Devaluation of portfolios worries Aspen retirees |

Devaluation of portfolios worries Aspen retirees

Katie Redding
The Aspen Times
Aspen CO, Colorado

ASPEN ” When Aspen resident Joanne Johnson was told she would need a knee replacement within three to five years, she put enough money aside to pay for the anticipated operation.

She carefully invested the money into stocks, bonds, mutual funds and certificates of deposit, she said, speaking at the Pitkin County Senior Services center on Wednesday. In June, the certificates of deposit matured, and she invested even more money in the market, through a brokerage firm.

But after Monday’s stock market crash, she worries that too much of that money may now be gone ” and that she could end up unable to pay for the operation. Unlike a younger person, she said, she doesn’t have the time to wait until the stock market goes back up. And if she can’t pay for surgery, she could end up in a wheelchair, she explained.

“I have no idea what’s going to happen,” she said.

Most Aspen residents have been affected by the recent market ups and downs, but perhaps no one more than those about to retire or already retired, many of whom depend on investment income to pay their monthly bills.

“This is the most extreme thing I’ve ever been involved with,” said Mark Thomas, a local retirement planner who has been in the industry since the early ’80s. He spent most of Tuesday fielding calls from concerned clients, and concerned investors in general, he said.

“That’s all I’ve been doing is servicing accounts I wouldn’t normally be servicing,” he said.

While Thomas expected the bailout to minimize “the depths of this,” he argued that it could take years to get out of a predicament America spent years getting into.

“We’re all in this for the long run,” he said.

Unfortunately, not everyone can afford to wait out the “long run.”

“You just hope that you can hang on and not have to liquidate [your investments] for your living,” said retiree Barbara Stanford. She pointed to the obvious fact that retirees can’t simply go back to work to earn more money if the market doesn’t perform well. And many of those at the senior center said that they depend on dividends and Social Security their monthly bills. Most hadn’t checked their portfolios since the crash ” but they were worried.

Sara Garton, recently retired from The Aspen Times, said that while most of her friends know to “sit tight,” some have panicked and are talking about pulling everything out of the market.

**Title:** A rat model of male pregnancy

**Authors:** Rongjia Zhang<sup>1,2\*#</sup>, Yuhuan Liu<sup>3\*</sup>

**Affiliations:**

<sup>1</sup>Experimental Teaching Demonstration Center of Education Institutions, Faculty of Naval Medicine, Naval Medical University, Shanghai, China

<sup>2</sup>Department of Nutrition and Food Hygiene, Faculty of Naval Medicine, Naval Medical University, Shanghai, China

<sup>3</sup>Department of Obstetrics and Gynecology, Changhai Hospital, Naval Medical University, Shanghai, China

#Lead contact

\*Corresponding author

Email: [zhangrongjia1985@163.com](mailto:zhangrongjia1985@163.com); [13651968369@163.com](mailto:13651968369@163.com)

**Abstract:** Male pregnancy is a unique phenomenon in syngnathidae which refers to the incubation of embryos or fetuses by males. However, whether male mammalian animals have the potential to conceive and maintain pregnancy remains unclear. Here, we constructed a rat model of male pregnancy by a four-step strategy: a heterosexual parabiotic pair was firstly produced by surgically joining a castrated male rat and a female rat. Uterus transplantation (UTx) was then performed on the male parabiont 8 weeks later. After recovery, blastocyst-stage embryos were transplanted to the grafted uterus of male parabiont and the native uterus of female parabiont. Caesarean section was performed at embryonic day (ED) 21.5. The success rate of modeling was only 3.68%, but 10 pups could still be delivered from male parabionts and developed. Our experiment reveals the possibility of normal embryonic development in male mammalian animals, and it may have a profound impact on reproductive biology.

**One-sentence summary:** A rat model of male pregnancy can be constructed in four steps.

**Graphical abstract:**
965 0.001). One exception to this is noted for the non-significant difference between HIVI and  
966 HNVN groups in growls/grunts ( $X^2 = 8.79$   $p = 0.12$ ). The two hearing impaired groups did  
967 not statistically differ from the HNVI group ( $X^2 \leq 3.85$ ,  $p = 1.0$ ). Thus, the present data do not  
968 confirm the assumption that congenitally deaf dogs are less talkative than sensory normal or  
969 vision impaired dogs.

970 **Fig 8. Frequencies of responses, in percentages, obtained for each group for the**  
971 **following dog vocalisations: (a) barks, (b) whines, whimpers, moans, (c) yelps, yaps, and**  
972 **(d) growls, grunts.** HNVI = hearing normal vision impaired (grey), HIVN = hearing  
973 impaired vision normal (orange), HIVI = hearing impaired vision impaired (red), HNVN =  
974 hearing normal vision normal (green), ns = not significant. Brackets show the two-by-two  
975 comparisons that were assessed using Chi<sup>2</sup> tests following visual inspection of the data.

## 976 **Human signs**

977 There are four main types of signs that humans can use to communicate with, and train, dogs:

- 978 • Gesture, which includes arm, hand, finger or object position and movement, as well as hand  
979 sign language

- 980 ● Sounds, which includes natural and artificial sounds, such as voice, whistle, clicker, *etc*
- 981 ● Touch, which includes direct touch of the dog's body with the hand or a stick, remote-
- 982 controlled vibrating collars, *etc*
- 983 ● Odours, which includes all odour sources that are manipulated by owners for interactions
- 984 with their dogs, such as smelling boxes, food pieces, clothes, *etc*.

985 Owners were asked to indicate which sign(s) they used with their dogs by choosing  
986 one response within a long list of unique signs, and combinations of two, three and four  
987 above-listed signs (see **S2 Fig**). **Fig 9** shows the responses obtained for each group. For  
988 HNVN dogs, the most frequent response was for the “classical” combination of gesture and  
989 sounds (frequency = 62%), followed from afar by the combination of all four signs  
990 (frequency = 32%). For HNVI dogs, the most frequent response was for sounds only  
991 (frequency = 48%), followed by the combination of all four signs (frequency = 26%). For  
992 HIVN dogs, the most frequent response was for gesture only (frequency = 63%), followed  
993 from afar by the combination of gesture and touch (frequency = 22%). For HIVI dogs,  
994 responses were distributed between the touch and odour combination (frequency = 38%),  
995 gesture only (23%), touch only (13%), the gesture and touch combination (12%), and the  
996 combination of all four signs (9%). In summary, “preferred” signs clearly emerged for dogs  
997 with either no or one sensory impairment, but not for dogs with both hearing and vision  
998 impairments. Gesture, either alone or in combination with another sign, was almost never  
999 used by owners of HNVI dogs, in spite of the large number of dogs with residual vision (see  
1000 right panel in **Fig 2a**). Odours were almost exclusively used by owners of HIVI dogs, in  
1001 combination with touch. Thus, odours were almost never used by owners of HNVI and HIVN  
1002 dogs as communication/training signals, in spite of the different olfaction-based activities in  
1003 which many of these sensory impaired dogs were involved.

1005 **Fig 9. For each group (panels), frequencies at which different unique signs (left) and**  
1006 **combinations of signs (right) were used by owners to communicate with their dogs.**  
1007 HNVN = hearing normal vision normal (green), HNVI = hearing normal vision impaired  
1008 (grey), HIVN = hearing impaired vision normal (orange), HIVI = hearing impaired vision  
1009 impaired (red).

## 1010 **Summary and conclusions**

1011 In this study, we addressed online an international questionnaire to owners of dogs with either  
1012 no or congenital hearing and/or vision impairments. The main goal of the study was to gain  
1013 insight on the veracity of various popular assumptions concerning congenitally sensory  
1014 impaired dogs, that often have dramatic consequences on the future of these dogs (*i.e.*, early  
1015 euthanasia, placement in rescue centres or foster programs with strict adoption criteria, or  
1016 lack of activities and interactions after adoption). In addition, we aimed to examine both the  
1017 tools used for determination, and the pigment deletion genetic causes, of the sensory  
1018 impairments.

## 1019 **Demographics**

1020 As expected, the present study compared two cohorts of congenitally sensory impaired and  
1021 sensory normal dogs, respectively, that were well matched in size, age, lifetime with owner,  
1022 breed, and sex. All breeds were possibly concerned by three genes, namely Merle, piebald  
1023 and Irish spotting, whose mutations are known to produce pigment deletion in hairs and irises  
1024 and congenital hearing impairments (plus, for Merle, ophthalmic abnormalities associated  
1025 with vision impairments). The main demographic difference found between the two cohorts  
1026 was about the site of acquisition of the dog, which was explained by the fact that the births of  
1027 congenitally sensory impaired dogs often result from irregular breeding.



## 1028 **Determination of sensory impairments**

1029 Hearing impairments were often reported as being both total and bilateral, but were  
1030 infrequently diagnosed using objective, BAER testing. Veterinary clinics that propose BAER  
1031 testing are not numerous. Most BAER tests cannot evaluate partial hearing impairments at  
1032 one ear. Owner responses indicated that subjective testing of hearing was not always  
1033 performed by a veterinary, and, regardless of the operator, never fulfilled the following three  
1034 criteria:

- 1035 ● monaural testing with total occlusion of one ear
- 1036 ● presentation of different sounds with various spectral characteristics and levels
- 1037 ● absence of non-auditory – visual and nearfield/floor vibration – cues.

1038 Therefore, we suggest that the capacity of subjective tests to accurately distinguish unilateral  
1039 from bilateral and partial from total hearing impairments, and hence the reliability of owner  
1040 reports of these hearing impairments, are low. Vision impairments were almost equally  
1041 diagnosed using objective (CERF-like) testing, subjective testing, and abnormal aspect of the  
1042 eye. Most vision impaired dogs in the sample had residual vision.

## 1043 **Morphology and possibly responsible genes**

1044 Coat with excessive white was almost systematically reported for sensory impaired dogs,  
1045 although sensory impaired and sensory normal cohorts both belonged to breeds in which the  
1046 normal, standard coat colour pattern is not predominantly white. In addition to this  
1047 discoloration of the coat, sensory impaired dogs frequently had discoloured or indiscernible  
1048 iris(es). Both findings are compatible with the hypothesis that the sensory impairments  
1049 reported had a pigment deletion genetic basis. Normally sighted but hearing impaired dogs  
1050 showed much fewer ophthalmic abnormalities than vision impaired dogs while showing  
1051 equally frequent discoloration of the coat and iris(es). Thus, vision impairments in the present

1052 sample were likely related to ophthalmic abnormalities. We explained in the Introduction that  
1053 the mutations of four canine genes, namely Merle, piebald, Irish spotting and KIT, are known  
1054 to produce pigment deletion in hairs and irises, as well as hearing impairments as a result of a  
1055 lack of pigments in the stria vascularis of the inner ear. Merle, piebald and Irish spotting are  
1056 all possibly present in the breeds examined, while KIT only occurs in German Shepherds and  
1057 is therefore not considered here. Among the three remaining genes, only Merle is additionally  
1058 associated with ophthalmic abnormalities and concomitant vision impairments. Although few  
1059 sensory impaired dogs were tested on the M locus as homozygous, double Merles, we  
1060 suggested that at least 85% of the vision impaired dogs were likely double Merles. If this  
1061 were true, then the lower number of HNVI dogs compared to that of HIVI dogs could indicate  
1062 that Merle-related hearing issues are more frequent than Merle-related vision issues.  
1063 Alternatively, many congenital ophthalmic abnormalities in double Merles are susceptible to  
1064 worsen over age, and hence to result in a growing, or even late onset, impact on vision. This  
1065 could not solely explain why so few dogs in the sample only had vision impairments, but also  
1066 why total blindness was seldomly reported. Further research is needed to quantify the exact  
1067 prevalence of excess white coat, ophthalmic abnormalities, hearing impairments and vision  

“But I hope they haven’t done that,” she said.

So far, she’s lucky, she said ” she’s paid off her house and has enough in liquid assets to ride out the immediate downturn. She’s hoping the market starts to recover before she needs to start using the dividends from her investments for living expenses.

“If I had a mortgage, though, oh my god,” she said.

On Tuesday, the American Association of Retired People posted an article on its website explaining the crisis to seniors. The article suggested people “remain cool” and resist the temptation to make big changes in their investments. It argued that the most important evidence that the stock market would eventually go back up was that renowned investor Warren Buffet is on a buying spree. The paper, however, makes no mention of what seniors should do if dividend declines are making it difficult for them to pay their bills.

In part, that may be because it will take a few weeks for the crash to catch up with seniors. Roger Doherty, business manager for the Colorado Gerontological Society, said the agency is not yet fielding calls from seniors struggling to make ends meet. But he anticipated that they would be soon, if the market didn’t rebound. He noted that he had just lost 25 percent of his own retirement portfolio, and he imagined that most people were in the same predicament. In the meantime, he said, the agency is busy enough helping seniors affected by the housing market decline.

Thomas said that although he’s receiving a lot of calls from people ” retired and not retired ” who want to get out of the market entirely, he never recommends that people actually do that. Instead, he suggests people “stop the bleeding” and re-work their money in a safer way ” such as by putting it into annuities.

Meanwhile, at least a few retirees are frustrated with how those in charge have been handling things.

“I have not trusted the government since Nixon, so I’m not surprised,” said one woman. Another said she blamed the Republicans who have been in charge and the legislators who ignored clear warnings.

“You really kind of think those masters of the universe are masters,” said Garton, thoughtfully.

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